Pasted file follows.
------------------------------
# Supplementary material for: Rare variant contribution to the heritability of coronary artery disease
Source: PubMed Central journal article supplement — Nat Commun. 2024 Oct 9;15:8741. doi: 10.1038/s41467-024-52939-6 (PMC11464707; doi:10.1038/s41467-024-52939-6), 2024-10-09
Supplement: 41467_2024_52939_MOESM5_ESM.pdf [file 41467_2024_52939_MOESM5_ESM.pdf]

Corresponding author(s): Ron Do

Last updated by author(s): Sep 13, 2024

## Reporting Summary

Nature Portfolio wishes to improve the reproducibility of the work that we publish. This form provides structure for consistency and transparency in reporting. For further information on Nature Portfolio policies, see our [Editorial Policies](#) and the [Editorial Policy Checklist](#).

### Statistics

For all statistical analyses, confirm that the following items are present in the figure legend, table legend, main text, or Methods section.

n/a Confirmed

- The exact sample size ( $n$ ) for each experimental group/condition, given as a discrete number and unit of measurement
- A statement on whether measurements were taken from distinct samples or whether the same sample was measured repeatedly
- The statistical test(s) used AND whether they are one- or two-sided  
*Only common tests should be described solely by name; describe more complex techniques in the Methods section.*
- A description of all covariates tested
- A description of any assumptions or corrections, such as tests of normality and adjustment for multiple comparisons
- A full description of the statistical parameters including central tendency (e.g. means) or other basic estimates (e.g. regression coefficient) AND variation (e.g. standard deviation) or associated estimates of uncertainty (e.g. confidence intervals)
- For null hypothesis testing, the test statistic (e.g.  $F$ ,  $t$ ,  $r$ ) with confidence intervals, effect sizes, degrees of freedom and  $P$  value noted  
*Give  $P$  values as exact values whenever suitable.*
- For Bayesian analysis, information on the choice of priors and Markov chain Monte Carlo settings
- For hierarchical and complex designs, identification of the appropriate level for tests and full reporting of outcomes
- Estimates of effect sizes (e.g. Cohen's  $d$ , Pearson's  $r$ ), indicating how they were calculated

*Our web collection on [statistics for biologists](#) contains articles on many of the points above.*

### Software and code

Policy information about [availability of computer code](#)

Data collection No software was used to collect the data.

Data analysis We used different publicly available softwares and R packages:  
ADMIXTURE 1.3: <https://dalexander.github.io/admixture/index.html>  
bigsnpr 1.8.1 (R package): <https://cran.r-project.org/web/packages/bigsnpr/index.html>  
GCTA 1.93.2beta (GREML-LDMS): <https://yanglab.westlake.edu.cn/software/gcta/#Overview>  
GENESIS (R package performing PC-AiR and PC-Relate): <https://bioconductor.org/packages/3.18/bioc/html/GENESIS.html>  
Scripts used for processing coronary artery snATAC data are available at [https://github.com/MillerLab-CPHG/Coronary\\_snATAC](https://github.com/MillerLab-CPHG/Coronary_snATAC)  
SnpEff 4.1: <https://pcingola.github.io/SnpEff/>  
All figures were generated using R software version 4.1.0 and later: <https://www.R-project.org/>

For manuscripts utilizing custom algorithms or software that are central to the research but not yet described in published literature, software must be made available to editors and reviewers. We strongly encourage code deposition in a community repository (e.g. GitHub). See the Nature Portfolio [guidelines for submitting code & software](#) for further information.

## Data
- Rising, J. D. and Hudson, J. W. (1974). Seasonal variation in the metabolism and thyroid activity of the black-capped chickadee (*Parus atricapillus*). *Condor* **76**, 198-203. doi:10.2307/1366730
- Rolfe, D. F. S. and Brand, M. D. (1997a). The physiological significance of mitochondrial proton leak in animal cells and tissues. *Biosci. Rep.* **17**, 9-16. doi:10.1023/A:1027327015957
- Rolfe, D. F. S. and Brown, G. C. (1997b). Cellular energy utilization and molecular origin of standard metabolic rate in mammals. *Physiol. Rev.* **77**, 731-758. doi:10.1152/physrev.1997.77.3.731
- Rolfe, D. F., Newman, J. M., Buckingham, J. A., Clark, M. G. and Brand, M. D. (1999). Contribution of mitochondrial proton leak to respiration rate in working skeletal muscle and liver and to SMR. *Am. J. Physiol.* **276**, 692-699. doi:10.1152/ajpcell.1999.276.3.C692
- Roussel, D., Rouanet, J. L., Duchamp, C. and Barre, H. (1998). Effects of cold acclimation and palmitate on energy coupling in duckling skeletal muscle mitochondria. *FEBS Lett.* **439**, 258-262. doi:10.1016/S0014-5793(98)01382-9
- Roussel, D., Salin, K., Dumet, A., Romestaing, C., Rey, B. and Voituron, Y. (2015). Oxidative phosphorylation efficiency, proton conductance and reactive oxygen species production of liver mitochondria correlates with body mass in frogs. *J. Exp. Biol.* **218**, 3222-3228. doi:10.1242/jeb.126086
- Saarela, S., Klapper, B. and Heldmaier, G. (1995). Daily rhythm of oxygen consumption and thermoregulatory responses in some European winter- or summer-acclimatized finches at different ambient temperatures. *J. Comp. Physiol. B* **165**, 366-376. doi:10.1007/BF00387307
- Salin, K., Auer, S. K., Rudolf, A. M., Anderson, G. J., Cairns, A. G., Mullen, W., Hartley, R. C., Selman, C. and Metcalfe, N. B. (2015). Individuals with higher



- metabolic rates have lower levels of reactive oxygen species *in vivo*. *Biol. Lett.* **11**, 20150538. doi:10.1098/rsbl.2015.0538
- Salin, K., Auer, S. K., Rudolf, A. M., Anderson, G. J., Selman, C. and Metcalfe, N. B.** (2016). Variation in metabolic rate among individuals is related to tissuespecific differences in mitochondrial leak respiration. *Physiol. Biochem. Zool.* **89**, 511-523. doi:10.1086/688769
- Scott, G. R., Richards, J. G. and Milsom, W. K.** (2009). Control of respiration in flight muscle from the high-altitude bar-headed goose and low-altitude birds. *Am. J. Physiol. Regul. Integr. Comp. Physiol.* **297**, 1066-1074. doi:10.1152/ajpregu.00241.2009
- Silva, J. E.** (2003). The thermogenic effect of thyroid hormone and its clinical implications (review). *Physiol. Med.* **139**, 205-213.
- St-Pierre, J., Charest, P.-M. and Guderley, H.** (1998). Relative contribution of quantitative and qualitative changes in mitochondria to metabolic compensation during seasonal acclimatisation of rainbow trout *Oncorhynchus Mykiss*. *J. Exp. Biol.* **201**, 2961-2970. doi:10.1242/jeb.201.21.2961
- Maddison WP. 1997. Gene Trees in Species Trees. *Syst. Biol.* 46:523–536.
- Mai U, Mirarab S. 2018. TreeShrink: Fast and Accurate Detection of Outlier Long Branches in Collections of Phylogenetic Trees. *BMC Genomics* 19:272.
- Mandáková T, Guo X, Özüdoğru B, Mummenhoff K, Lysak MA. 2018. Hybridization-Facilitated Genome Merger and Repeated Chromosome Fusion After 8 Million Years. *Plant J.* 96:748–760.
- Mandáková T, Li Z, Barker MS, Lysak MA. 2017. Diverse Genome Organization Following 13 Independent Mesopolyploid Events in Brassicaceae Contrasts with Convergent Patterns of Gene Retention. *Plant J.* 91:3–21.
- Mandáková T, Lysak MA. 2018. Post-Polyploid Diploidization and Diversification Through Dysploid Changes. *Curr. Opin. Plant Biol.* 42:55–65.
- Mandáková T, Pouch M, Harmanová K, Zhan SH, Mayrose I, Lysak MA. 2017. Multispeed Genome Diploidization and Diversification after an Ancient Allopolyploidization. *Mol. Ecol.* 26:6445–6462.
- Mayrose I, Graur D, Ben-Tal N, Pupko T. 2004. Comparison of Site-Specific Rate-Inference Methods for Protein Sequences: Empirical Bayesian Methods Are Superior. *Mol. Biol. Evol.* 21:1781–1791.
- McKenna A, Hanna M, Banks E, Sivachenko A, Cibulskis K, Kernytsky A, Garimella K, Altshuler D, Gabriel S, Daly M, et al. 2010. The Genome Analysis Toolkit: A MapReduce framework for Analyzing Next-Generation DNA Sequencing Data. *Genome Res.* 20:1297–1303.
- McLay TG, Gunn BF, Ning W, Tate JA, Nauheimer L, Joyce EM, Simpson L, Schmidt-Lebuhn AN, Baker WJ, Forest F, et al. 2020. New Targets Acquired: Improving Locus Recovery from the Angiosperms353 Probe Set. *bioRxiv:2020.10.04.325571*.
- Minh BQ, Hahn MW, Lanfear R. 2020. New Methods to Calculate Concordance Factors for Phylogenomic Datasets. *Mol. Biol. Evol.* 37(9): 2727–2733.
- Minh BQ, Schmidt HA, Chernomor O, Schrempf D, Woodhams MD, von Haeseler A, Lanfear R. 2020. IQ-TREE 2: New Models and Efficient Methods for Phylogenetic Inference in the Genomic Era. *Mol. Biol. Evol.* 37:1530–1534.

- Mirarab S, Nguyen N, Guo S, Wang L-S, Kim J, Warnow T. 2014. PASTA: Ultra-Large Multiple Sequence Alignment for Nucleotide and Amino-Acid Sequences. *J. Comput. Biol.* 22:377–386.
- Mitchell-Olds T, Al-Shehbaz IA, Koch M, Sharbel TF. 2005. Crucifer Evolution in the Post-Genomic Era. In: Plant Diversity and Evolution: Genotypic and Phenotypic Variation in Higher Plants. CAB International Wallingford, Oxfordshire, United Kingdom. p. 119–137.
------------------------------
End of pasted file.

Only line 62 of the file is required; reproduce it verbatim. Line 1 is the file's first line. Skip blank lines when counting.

- Mitchell-Olds T, Al-Shehbaz IA, Koch M, Sharbel TF. 2005. Crucifer Evolution in the Post-Genomic Era. In: Plant Diversity and Evolution: Genotypic and Phenotypic Variation in Higher Plants. CAB International Wallingford, Oxfordshire, United Kingdom. p. 119–137.